For the past couple of months, I’ve been escaping pretty regularly from the America in which the president tells white supremacists to “stand by” and brags about how clean the cages where we keep children are. Late at night, I slip off to the America in which the president can keep a staff and is a man in constant communication with his conscience.
Of course, I’m talking about Jed Bartlet’s America, in the 1999-2006 television show "The West Wing," where the commander in chief would rather step down during a personal crisis than risk even the temptation of putting his own interests ahead of ours. Where the leader in the other party who briefly fills in after the 25th Amendment is invoked doesn’t try to change the locks at the White House. And where aides both brilliant and morally sentient get up every day wondering how they can contribute to the common good. Who knew that watching federal employees comply with the Hatch Act could be so stirring?
The night that Justice Ruth Bader Ginsburg died, it was cathartic to watch a grieving President Bartlet ask God what the actual hell in Latin. And during Judge Amy Coney Barrett's confirmation hearings, how poignant to hear potential Bartlet nominees say no president would ever try to replace a conservative icon on the Supreme Court with a far left liberal, or vice versa.
A 'referendum on the republic'
Lately, on my pretend getaways from the real president, I’ve been wondering what Josiah Bartlet would make of an election season so late stage in its malignancy, a tape of the first lady asking “You know, who gives a f--- about Christmas stuff and decoration?” was barely a one-day story.
The guy who played President Bartlet for seven seasons, the actor and activist Martin Sheen, said his character wouldn’t see this as an election season at all, in any traditional sense. “It isn’t that," he told me in an interview. "It’s a referendum on the republic. That’s where we are.”
Because, and Sheen should know, Donald Trump “is an actor. He’s an actor. Not a good one, because he has no sense of truth. His instinct is to bully and to be what it’s all about all the time — all the time. This administration, what the hell was their policy on anything? I hate to say this, but it is a show. It is a series. Every day is a new episode, and every day, it’s all about him, all the time.”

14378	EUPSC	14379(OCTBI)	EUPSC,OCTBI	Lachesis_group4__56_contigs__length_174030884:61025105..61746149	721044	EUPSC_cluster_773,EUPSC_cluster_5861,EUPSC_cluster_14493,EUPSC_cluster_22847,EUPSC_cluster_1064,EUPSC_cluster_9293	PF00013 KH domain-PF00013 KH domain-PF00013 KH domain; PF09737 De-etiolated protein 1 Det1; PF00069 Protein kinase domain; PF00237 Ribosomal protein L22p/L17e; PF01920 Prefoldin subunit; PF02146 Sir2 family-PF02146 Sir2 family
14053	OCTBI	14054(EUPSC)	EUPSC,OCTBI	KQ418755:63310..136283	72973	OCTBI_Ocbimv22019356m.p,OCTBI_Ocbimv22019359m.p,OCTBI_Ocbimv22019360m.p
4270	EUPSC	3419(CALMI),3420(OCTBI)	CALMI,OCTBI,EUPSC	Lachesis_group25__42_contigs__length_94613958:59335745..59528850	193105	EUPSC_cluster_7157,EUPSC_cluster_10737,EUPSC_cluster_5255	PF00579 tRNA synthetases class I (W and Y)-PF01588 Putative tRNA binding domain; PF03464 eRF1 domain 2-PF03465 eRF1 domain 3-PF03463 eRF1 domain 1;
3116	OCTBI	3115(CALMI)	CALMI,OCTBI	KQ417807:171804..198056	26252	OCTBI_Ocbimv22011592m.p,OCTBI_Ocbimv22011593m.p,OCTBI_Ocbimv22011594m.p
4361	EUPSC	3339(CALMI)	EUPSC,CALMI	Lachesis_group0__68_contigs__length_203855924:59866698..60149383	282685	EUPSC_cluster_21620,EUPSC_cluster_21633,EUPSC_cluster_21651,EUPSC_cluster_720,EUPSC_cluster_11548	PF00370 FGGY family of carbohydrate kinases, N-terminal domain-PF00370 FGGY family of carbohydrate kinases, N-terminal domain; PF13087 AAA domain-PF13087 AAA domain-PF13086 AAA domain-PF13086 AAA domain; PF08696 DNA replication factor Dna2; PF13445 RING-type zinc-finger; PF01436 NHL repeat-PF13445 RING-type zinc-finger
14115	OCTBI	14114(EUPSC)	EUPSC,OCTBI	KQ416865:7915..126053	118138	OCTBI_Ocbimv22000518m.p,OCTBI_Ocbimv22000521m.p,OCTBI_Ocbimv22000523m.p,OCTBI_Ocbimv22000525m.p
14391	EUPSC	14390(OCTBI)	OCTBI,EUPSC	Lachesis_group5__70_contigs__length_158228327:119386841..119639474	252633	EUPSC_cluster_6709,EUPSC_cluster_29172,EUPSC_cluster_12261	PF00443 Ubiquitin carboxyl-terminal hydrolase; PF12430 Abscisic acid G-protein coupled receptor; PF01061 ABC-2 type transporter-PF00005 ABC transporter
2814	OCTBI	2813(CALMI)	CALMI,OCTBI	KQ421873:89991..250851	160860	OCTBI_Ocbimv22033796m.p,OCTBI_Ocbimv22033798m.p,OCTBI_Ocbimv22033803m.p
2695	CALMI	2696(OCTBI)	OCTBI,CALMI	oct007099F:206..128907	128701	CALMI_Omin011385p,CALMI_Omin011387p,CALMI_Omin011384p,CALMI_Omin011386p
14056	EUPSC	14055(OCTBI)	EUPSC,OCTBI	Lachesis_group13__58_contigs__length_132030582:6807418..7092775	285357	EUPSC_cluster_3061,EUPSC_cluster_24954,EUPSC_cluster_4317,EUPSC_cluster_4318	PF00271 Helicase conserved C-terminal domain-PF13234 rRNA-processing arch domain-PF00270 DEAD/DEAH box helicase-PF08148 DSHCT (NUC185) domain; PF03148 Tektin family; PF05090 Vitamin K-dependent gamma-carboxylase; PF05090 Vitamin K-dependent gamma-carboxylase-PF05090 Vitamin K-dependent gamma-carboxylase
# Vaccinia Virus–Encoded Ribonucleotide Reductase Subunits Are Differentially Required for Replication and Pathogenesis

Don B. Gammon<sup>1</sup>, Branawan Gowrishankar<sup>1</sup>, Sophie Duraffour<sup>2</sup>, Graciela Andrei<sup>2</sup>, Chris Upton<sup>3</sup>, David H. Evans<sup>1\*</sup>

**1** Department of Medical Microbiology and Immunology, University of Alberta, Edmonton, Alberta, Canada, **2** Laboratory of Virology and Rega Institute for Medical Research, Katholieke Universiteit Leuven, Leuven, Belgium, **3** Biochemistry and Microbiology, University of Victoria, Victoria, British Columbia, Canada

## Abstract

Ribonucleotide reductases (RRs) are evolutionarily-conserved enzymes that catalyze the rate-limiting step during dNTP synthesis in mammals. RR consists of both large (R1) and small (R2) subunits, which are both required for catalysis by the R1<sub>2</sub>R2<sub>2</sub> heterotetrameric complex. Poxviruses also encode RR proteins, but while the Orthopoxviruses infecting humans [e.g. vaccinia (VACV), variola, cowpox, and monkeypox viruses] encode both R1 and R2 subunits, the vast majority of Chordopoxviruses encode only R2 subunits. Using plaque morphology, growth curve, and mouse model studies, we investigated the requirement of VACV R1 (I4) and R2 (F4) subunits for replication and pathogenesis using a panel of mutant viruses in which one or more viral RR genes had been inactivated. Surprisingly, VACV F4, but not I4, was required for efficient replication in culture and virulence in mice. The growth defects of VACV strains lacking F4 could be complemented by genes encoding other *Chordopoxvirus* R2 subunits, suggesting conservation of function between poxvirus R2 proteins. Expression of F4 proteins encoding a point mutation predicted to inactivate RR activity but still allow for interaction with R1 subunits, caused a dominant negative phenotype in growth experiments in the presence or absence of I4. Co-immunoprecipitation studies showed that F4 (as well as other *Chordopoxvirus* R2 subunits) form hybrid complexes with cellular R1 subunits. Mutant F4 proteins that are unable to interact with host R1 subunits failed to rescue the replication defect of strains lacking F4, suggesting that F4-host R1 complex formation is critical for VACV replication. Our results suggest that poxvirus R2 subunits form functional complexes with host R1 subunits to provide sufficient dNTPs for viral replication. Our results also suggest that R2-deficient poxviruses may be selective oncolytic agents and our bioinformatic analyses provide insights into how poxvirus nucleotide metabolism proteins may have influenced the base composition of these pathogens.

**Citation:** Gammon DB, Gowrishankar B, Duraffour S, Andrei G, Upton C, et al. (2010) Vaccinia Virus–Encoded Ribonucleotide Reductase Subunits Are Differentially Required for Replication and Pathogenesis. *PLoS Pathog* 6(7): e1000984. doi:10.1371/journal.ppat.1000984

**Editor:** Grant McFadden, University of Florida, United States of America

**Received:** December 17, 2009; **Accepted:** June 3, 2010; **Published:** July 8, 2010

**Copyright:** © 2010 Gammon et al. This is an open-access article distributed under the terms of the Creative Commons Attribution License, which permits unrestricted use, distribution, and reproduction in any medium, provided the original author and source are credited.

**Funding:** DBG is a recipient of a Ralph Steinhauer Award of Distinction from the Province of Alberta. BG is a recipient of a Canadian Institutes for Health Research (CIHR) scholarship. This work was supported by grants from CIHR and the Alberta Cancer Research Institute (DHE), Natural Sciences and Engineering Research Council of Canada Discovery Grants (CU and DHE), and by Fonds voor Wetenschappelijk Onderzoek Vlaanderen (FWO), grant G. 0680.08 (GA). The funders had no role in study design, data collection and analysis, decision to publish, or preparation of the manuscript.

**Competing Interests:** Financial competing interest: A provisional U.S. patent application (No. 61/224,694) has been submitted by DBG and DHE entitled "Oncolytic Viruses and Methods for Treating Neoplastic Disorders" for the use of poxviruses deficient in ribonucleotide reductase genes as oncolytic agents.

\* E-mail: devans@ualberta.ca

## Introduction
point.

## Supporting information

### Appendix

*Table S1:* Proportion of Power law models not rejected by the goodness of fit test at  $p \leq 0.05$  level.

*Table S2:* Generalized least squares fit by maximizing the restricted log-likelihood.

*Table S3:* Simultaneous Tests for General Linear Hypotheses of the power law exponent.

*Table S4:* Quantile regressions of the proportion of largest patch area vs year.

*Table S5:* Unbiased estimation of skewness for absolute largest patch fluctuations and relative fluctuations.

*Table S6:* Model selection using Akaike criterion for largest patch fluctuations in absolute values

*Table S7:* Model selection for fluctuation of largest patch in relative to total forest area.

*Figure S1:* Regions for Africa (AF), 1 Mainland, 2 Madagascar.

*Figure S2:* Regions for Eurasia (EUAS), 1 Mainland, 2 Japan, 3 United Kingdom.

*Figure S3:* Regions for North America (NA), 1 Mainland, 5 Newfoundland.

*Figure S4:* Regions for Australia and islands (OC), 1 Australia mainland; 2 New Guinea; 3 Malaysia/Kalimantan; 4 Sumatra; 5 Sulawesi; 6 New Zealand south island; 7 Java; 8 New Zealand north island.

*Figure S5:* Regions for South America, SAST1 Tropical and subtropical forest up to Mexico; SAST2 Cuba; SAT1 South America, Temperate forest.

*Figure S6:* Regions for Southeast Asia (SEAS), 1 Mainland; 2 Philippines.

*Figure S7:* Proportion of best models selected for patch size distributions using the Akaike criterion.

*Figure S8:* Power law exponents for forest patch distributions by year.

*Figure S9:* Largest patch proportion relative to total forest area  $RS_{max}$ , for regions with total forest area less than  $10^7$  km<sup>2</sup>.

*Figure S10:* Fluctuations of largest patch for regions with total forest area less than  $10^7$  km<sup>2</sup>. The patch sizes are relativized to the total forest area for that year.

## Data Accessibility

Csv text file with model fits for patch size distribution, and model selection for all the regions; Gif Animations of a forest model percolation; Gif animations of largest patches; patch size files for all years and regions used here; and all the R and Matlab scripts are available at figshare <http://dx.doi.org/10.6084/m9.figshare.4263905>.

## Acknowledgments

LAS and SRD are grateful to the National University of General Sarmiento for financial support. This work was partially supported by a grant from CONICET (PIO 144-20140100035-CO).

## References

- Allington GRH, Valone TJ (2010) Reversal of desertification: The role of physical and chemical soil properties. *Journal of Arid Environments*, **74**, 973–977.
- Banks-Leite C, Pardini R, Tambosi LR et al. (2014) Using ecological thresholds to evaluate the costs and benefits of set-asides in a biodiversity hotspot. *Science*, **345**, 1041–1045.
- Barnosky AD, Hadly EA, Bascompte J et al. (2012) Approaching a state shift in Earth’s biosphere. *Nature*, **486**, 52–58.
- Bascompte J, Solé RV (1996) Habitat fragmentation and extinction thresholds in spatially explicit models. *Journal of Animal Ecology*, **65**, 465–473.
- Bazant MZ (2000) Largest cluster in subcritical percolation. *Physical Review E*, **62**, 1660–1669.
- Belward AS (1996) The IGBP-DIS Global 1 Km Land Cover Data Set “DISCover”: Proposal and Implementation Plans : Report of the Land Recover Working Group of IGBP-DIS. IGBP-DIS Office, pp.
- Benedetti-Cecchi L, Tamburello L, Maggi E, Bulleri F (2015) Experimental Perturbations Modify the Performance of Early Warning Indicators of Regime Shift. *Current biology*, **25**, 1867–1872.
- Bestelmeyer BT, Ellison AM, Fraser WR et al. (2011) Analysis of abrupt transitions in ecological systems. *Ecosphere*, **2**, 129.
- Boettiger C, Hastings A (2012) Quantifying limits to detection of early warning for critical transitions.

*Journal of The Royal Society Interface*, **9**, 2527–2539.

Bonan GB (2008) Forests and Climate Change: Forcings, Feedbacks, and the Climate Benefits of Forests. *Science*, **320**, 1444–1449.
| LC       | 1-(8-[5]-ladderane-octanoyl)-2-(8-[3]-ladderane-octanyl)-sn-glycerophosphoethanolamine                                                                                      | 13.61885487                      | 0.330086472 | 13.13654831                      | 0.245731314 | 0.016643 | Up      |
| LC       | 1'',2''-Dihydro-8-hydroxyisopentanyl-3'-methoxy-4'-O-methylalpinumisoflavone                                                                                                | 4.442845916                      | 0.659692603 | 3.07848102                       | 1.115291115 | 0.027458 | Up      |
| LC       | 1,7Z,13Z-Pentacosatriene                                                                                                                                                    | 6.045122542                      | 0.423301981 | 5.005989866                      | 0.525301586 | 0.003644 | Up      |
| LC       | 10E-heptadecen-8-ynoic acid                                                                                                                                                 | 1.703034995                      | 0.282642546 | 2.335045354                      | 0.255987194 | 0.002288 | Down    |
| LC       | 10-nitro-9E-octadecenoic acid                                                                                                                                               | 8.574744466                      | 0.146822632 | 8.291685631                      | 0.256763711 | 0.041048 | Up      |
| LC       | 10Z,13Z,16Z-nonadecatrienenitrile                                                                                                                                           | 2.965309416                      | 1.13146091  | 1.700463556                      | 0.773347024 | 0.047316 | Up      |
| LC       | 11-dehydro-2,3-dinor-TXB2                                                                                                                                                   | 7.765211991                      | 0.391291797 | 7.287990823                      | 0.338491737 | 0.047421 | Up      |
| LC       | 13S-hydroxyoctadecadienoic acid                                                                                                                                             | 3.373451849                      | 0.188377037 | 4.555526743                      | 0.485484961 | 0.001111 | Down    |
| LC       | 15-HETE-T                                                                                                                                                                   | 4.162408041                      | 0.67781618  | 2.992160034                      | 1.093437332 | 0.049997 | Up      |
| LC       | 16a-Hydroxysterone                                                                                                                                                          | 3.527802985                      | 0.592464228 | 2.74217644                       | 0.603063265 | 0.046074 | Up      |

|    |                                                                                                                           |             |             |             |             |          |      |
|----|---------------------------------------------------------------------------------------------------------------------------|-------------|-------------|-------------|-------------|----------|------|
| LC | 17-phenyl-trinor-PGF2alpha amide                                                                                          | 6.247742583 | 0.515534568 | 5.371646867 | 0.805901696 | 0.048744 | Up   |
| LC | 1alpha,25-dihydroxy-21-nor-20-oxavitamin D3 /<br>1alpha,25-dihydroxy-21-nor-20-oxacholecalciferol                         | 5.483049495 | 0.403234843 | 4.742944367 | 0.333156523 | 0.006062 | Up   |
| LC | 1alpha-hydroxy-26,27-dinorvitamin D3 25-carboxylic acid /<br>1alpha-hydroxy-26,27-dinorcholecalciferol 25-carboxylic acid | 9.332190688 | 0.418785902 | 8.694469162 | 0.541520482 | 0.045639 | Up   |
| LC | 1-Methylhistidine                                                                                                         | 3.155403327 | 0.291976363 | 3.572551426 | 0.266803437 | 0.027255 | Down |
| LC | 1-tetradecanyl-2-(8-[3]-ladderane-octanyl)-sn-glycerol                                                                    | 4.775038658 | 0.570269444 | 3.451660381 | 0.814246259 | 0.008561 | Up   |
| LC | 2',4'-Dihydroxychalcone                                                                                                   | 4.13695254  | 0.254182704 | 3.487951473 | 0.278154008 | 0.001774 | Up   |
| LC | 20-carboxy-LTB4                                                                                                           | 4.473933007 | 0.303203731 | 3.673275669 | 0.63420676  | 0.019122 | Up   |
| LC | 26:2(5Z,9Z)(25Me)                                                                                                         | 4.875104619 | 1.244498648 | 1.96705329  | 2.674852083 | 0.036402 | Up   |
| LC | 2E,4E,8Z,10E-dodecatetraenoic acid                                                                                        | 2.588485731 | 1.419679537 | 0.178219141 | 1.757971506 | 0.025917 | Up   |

“You watched him with the White House task force” on COVID-19? “He never left the stage. He was never more than 3 feet away from whoever was talking, and was either approving or disapproving by his body language.”
Sheen is blessedly confident that the reality show of Trump’s White House will soon be canceled by the American people. And though yes, a strong liberal himself, he hopes that the GOP, too, can be restored to what it once was.
“I grew up with Eisenhower; he didn’t even know he was a Republican” and might not have become one had the Democrats asked him to run first. “He was a general, a servant, a patriot, a fair-minded and decent man.”
Likewise, Sheen said, the Republicans whom Aaron Sorkin wrote for "West Wing" weren’t malevolent, and the actor appreciated that. “Aaron Sorkin never trashed the opposition. He exposed them, but he humanized them. Nobody was out to destroy anybody else” on the show. “It was people with differences of opinion trying to serve.”
Which is exactly how people in Washington describe how things used to be. For me, the appeal of Sorkin’s fictional public servants is that while they don’t always do the right thing, they desperately want to. They know what the right thing is. They are on speaking terms with their better angels. And they don’t think scruples are a weakness.
Biden really is the antidote
It was Sheen’s idea to make Bartlet a Catholic and a Notre Dame grad, but the specifics of his faith weren’t as important, he said, as that “I wanted Bartlet to face every situation, whether it was personal or public, that he would come from a moral frame of reference. I’ve always believed that if what you believe is not costly, then you’re left to question its value. So I wanted Bartlet to have that as a marker, that whatever he was engaged in, his personal beliefs were going to be costly,” both when he lived up to them and when he didn’t.
Does he ever look at this White House and think even a fictional president couldn’t have believably gotten away with what Trump has? Yes, Sheen said: “Oh my God, can you imagine?”
But in the real world, he said, Democratic presidential nominee Joe Biden really is the antidote, “because he put the focus on character. If you lead an honest life, then it’s going to reflect in everything you do, both publicly and privately. If you lead a dishonest life, that too will reflect, and that’s what’s happening with this administration. This man doesn’t trust the truth. He doesn’t trust himself because he’s not ever been honest.”
“That’s where we are,” Sheen repeated, “but that’s not where we’re going to stay.”
Thank you for saying that, Mr. President. By Inauguration Day, I’ll have come to the end of my "West Wing" marathon. But then, if the Trump show is canceled, I won’t need it as much.
Melinda Henneberger, a graduate of Notre Dame, is an editorial writer and columnist for The Kansas City Star and a member of the USA TODAY Board of Contributors. Follow her on Twitter: @MelindaKCMO
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This article originally appeared on USA TODAY: Martin Sheen on tuning out Trump, tuning in 'West Wing' and Jed Bartlet